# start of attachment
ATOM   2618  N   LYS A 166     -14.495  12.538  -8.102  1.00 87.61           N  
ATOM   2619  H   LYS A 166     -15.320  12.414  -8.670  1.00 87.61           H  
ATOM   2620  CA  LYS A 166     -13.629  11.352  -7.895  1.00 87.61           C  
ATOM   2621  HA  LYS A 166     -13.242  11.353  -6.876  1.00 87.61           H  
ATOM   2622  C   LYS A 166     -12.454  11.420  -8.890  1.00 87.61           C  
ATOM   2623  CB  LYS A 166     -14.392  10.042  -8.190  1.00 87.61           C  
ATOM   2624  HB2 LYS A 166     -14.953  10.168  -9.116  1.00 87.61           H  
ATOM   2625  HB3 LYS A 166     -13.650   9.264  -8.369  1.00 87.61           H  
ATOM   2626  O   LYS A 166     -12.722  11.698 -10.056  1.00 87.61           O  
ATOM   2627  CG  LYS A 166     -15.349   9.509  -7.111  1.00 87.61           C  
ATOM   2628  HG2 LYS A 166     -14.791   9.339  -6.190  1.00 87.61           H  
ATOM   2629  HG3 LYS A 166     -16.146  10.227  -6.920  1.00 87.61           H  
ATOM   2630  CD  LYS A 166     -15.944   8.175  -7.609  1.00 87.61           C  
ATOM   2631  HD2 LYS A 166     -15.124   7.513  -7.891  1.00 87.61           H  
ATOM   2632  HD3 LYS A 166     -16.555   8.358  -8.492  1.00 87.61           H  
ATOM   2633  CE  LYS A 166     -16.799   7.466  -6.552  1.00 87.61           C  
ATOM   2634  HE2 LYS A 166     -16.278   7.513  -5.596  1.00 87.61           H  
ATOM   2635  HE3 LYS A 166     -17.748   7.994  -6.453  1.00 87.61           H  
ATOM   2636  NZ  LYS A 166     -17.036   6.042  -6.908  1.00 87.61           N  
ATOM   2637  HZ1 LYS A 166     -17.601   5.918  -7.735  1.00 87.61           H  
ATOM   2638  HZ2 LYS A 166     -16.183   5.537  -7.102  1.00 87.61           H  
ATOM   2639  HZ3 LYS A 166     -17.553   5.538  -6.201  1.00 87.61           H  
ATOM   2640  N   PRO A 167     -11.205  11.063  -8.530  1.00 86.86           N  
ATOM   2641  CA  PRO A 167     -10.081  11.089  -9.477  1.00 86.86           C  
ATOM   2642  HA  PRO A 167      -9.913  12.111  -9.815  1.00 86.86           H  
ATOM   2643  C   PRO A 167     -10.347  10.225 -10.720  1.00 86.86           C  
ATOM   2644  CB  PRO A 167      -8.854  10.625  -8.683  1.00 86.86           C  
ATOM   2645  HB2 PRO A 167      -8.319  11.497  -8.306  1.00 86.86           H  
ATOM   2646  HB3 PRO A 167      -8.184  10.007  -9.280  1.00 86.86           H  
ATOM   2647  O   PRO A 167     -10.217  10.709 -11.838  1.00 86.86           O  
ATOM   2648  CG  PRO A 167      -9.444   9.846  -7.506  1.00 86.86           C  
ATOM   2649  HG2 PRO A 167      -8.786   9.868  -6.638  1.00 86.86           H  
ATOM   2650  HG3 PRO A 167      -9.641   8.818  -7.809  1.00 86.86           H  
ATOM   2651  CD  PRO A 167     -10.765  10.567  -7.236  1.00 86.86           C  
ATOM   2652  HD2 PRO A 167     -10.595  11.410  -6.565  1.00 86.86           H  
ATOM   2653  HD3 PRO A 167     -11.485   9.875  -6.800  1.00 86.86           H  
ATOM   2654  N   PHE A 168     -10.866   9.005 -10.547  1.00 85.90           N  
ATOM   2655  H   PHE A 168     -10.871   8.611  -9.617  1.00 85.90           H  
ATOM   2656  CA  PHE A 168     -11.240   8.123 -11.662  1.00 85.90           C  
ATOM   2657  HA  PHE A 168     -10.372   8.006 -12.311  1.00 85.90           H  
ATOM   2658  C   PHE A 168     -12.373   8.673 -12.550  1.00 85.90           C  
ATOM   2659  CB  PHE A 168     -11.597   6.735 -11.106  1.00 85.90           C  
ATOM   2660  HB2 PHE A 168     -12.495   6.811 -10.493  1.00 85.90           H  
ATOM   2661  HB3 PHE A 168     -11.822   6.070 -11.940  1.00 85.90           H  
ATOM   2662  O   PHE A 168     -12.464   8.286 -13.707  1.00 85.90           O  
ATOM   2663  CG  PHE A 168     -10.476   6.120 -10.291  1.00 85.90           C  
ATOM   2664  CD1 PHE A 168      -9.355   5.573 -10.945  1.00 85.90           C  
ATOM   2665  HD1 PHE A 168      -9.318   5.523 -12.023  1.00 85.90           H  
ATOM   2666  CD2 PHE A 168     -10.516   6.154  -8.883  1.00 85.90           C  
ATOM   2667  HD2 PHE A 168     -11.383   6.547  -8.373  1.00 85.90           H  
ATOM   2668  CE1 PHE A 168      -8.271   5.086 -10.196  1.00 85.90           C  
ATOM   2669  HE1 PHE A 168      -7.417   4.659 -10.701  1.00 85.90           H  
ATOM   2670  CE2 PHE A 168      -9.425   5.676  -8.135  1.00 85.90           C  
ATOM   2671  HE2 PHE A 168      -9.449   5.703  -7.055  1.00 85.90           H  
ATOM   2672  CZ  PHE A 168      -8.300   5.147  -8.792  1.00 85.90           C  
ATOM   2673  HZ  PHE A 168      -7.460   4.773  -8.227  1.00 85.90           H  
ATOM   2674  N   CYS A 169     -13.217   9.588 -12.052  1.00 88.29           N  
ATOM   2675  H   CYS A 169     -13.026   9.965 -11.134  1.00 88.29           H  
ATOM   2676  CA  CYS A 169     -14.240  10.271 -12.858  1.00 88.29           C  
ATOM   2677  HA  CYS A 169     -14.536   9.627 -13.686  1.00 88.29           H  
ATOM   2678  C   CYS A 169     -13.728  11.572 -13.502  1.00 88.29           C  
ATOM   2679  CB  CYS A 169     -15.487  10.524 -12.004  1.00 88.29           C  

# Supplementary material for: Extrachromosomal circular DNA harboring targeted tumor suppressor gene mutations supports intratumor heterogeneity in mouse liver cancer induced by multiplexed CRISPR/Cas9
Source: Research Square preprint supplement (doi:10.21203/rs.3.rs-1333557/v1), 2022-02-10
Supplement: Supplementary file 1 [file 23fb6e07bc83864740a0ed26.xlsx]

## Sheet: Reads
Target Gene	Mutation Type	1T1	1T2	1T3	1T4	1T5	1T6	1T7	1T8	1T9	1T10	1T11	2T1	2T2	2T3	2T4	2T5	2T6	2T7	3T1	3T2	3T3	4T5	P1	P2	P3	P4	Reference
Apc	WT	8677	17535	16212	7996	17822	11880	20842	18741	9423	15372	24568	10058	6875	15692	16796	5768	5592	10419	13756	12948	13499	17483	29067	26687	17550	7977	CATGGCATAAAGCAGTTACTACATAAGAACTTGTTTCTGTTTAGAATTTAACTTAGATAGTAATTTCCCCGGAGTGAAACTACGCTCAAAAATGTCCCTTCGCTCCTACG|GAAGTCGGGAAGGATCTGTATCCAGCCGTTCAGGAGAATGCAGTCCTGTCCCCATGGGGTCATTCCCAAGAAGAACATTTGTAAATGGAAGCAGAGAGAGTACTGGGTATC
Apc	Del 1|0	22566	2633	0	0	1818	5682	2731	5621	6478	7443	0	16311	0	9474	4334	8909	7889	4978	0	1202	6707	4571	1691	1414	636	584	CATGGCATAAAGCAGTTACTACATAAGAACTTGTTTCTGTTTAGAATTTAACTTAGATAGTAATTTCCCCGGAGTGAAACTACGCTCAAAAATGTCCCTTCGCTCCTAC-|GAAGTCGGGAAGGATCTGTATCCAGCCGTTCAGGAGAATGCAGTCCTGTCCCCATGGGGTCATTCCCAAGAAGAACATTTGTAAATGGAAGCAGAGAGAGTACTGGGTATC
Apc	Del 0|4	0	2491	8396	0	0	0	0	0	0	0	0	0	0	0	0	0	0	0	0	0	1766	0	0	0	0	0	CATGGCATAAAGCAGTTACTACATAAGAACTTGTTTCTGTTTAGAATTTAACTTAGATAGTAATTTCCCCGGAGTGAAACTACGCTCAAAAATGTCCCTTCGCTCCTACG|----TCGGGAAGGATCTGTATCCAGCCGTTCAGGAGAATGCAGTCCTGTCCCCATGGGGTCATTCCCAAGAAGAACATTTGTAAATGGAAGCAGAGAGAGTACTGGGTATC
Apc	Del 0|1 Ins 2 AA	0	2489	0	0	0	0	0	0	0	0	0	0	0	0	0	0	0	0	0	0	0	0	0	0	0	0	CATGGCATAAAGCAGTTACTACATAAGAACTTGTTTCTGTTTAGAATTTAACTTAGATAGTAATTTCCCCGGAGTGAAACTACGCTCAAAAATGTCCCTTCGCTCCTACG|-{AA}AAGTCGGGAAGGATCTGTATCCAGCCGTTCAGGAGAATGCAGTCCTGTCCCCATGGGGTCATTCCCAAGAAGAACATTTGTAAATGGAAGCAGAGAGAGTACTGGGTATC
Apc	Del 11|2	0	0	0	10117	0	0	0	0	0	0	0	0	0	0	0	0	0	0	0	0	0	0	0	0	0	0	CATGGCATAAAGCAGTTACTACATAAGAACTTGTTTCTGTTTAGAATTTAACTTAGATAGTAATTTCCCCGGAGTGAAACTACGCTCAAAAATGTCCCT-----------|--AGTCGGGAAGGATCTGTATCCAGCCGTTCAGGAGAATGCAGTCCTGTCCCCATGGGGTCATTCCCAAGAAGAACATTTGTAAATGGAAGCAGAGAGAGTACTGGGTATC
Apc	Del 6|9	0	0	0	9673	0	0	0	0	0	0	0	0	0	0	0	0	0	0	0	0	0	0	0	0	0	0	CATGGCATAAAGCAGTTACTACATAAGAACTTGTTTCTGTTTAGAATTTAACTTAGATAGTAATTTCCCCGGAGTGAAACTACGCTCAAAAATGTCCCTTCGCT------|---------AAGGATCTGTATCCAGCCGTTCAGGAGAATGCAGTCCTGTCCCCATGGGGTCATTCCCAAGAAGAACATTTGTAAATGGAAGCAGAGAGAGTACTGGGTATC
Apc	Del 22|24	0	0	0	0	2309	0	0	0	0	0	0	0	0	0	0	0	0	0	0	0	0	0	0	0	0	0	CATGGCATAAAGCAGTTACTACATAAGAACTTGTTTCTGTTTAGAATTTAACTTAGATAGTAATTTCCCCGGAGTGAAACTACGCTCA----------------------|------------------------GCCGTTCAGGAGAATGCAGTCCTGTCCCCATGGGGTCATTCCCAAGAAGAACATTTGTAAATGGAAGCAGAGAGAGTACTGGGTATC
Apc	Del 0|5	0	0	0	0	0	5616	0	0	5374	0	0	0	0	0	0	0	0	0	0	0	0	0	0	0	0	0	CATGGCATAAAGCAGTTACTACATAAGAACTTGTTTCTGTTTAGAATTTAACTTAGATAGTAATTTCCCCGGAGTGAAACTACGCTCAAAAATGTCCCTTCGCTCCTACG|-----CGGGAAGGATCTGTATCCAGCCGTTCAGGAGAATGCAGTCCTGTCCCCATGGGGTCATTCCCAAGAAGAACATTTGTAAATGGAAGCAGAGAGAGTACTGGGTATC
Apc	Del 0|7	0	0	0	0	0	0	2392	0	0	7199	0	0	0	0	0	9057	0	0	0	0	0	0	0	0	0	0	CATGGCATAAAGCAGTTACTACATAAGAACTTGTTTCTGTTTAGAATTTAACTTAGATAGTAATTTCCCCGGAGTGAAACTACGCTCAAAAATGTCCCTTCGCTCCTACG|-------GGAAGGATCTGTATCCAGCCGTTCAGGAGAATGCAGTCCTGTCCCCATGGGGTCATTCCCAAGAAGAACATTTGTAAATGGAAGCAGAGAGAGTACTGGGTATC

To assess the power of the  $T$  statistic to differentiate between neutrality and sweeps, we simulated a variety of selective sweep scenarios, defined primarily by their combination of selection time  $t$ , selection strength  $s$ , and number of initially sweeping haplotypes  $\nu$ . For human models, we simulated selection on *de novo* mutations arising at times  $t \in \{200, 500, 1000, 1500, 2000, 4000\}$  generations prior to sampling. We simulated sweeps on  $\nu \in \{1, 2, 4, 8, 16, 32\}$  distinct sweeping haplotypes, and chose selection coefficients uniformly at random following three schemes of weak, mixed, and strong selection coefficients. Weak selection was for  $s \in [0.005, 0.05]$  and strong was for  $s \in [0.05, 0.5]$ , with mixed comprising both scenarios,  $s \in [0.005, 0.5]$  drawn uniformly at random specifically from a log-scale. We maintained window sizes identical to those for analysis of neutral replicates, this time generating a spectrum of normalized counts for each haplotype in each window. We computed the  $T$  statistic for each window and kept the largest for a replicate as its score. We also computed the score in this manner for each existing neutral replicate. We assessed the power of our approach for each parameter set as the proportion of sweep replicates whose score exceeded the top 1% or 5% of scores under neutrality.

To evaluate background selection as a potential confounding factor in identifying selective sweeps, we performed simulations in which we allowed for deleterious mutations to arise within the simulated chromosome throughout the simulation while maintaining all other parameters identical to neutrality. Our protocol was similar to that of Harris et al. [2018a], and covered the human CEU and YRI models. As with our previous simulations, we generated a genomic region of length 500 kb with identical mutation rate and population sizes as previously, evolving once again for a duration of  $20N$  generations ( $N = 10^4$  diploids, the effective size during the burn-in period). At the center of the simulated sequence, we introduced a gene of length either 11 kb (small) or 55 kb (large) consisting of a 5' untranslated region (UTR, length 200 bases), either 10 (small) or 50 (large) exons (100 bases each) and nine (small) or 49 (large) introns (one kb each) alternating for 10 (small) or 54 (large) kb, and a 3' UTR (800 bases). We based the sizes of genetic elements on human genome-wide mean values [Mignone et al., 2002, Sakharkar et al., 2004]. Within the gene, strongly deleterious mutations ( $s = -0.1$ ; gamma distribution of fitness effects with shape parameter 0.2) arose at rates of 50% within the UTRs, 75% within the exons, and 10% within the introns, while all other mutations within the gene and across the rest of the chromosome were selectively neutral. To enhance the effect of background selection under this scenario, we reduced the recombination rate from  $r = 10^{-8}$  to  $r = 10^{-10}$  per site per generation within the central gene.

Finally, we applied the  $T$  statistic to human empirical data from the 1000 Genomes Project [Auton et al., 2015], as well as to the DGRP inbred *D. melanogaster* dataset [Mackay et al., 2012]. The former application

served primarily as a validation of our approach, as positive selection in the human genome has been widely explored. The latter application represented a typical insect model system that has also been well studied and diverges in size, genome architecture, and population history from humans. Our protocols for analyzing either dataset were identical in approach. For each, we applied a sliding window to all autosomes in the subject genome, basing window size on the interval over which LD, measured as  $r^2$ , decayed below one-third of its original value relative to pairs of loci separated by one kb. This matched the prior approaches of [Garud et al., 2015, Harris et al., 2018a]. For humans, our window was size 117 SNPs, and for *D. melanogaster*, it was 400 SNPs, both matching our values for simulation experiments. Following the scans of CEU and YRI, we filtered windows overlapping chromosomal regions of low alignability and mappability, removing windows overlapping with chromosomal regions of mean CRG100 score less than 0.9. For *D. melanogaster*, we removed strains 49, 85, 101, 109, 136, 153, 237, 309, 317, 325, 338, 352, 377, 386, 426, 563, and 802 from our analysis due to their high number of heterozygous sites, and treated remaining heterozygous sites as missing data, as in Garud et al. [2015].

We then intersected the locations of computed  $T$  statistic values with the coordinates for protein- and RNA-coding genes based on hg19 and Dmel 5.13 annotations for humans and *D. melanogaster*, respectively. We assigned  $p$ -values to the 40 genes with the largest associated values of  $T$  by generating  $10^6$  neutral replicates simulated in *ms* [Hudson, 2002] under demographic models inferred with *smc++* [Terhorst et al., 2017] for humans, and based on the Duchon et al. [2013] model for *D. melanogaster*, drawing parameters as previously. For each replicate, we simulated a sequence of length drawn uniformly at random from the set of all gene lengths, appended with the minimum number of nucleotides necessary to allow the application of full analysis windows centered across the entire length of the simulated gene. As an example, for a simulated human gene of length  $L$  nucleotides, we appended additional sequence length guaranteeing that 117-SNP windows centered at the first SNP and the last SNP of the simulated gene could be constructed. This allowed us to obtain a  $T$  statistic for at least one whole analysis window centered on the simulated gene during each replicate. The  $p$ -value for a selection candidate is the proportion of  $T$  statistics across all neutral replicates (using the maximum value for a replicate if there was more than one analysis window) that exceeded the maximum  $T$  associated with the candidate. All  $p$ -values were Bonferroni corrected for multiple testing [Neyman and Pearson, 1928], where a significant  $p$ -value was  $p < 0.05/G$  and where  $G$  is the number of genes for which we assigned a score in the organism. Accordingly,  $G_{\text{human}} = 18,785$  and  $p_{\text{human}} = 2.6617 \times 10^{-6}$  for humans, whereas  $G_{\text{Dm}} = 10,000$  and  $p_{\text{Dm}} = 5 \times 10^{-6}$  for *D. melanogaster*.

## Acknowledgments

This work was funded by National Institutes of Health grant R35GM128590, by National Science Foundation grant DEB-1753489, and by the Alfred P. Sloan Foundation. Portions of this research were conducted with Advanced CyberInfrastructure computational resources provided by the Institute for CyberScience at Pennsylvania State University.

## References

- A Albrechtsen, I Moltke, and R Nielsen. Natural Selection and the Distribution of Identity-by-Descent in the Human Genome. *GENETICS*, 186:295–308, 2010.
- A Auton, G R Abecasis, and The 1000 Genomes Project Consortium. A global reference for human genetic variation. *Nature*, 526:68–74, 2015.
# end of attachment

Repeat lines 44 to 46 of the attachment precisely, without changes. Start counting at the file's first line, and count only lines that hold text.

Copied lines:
ATOM   2661  HB3 PHE A 168     -11.822   6.070 -11.940  1.00 85.90           H  
ATOM   2662  O   PHE A 168     -12.464   8.286 -13.707  1.00 85.90           O  
ATOM   2663  CG  PHE A 168     -10.476   6.120 -10.291  1.00 85.90           C  